How to find reliable workers, and keep them

With unemployment rates at less than 5% for the county, it’s much harder to find employees

Working around a table
Kevin Witte
KEVIN WITTE Clark College

At Clark College’s Economic and Community Development (ECD), we meet with a wide range of employers every year. Over this past year, the overwhelming issue our clients face is that they simply can’t find reliable workers — and if they find them, they often leave after only a short time.

With unemployment rates at less than 5% for Clark County, it’s not surprising it is much harder to find employees now than it was during the recession — and, no, the labor market is not expected to grow in a meaningful way in the near future.

Simple demographics show that the country’s trend toward a historically low birth rate equals fewer employees in the next generation. With all that said, there are some positive steps you can take to help staff your organization.

The easiest way to keep your workforce strong is to not lose the good employees you already have. Competitive pay is important, but basing retention on pay alone can easily lead to bidding wars where employees jump to another employer for an extra dollar an hour. The most productive approach is simply to invest in your employees’ skills and development. Here at Clark College ECD, we regularly help employers create customized trainings for their employees on everything from interpersonal communications to LEAN manufacturing. They report back that these trainings were well worth the investment, as they helped build not just their workforce’s skill set, but also their pride in their jobs and their team cohesion.

Work with your education system. Partner with your K-12 system, community college, university or union hall, depending on your needs. This can take many forms. Be a guest speaker in a class, so that students and instructors get to know your company. Hiring interns is a great way to see a potential employee in action. Another option is to join a program advisory board where you have input into programs and build a relationship with the instructors. Many programs have capstone projects near the end of the year; participating in those events can help you get a look at some of the new talent that is about to graduate. Not sure where to start? At Clark College, a great entry point is our Career Services department at 360-992-2902.

Sponsor a student. A practice that is common in a number of countries, and growing in the United States, is to find a young person with the right aptitude and attitude and sponsor their education at a university, college, trade school or apprenticeship program, with the understanding the student will work for you after they are trained. Combined with a mentorship program this path tends to be very effective at developing loyal employees. If one works out the actual cost of hiring an employee (search, interview, onboarding, acculturation, time to performance, and retention), the cost of paying for your new employee’s education can have a positive payback.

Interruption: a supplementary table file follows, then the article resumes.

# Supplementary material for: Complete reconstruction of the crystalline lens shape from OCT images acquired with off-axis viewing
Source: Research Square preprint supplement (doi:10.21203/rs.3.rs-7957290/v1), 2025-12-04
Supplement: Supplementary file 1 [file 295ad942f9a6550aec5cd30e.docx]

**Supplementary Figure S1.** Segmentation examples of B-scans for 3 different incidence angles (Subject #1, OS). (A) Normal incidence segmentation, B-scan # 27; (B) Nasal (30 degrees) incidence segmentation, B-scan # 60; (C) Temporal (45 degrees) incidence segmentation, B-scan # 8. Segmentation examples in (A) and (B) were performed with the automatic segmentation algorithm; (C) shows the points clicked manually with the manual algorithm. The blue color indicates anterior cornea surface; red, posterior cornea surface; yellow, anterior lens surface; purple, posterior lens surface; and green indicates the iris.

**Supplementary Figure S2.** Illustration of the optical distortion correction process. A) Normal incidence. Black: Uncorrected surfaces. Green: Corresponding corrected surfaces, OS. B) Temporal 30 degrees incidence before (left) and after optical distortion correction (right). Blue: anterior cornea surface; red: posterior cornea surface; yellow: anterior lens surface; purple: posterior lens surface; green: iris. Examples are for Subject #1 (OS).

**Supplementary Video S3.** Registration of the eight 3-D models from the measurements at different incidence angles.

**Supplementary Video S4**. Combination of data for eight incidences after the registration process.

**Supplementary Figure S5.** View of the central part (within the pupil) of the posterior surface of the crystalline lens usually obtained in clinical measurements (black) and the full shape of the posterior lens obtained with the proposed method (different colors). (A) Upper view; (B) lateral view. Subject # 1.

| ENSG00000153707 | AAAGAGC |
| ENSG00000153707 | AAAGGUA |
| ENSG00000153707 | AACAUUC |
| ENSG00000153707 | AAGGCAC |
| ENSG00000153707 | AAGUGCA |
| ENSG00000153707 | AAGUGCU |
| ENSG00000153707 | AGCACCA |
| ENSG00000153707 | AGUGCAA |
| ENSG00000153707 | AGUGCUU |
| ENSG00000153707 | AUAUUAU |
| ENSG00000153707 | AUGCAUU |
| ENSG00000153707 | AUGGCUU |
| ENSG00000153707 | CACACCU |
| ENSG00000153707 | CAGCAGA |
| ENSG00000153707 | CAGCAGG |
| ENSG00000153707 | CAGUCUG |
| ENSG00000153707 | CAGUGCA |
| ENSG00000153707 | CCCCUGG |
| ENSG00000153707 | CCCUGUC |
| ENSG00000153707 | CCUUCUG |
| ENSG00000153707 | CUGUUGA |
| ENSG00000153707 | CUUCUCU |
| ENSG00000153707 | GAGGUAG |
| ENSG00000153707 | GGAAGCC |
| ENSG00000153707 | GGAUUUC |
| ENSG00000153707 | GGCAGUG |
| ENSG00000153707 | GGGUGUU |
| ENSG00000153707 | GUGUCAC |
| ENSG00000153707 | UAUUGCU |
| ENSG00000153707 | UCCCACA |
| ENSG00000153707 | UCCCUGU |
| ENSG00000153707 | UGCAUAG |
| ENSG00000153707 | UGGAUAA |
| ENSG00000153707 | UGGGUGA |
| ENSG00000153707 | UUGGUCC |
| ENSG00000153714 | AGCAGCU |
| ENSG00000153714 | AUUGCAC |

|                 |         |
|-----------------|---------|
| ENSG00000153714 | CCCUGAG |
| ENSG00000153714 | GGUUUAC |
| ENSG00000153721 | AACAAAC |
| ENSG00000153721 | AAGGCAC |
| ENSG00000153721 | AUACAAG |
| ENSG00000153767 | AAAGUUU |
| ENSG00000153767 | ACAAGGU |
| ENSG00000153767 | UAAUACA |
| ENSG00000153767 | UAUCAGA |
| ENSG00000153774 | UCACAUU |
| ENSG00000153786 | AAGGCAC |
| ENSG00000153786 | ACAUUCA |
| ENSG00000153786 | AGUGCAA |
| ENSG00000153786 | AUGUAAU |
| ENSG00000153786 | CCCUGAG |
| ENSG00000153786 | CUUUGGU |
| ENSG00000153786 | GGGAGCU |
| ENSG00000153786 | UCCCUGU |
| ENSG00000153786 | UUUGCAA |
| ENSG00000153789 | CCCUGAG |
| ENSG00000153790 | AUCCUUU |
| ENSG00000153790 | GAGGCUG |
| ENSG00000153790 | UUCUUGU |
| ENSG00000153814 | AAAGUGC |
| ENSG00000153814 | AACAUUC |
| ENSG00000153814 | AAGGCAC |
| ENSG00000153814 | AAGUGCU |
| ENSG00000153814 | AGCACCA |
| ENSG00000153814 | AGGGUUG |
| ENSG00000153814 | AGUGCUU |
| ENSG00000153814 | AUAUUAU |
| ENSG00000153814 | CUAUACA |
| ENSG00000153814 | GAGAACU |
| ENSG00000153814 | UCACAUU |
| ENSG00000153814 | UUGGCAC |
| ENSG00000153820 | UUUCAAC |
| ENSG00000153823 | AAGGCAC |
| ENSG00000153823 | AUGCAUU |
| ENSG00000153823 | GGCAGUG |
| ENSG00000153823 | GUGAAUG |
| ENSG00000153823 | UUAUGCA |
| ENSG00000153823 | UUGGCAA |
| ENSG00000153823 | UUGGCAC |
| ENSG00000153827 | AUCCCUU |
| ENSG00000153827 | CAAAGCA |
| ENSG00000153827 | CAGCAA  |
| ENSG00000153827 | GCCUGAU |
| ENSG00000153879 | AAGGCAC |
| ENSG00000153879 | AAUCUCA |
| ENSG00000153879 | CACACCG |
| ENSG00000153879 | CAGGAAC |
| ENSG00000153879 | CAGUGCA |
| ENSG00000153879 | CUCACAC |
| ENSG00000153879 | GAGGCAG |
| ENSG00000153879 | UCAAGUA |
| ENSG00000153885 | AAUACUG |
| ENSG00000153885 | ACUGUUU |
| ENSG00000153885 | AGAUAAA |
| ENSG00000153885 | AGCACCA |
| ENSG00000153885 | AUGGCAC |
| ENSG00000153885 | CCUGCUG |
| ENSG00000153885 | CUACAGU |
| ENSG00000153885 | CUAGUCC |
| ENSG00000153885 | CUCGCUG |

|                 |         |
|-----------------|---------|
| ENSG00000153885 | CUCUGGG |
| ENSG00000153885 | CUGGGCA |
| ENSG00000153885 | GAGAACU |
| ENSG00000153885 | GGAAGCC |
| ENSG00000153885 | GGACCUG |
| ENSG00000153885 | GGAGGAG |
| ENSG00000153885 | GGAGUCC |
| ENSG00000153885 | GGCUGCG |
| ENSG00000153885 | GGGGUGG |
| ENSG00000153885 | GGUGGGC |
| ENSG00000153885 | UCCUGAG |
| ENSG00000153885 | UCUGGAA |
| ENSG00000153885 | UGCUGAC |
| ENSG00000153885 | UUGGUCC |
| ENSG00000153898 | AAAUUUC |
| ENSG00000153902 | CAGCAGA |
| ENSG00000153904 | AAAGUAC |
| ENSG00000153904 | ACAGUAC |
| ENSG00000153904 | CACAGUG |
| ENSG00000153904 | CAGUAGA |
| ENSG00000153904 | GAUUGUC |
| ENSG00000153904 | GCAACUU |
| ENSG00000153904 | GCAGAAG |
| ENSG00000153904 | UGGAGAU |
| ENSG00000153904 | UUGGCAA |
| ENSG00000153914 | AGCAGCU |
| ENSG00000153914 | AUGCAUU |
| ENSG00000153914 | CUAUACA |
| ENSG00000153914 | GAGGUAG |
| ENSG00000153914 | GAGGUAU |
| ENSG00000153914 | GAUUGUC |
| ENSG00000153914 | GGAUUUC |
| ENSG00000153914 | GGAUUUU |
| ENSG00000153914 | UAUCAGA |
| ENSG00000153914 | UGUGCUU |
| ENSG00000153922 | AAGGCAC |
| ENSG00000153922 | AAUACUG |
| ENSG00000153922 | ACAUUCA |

Reach into our diverse communities to recruit talent. Our population is becoming increasingly diverse, and this trend will only increase. Nationally, almost half of post-millennials are from racially or ethnically diverse backgrounds. Yet many employers continue old hiring and recruitment practices that fail to attract this huge part of the labor market — or can even turn them away. This is an area where it is important to know the communities you want to recruit from, and to listen to their counsel. It takes time to build trust that you are a great employer who creates a welcoming environment for diverse employees, but it can make a big difference when you recruit. The more diversity one has in their organization, the more effective the organization tends to be at recruiting diverse talent. 

Recruit veterans for your organizations. Many of the skills that our veterans learned serving our country have a direct correlation to the skills needed in civilian jobs. Added to the technical skills they have learned is the experience veterans have of working in a large organization and honing skills around teamwork and delivering on objectives. Many of our colleges and universities — including Clark College — have veterans’ centers, which are a great place to connect with potential new employees.

If you work in a male-dominated field or company, look to recruit more women. Women currently account for nearly half the workforce, and hold 57% of bachelor’s degrees and 59% of master’s degrees. Is your message resonating with women? Does the culture of your company set women up for success?

College and business partnerships are key. Clark College works with a long list of employers to identify strategies that benefit both the student and the company. We offer onsite trainings, workshops and partnership opportunities. We encourage anyone with questions or ideas to contact our Clark College Economic and Community Development at 360-992-2939.

Our mission as a college is to serve our community by helping students achieve their goals. To do that, we need to partner with businesses to make sure programs and services match up with business needs so that, together, we can develop the skilled workers who are needed in today’s marketplace.

Kevin Witte is vice president of Economic & Community Development at Clark College.

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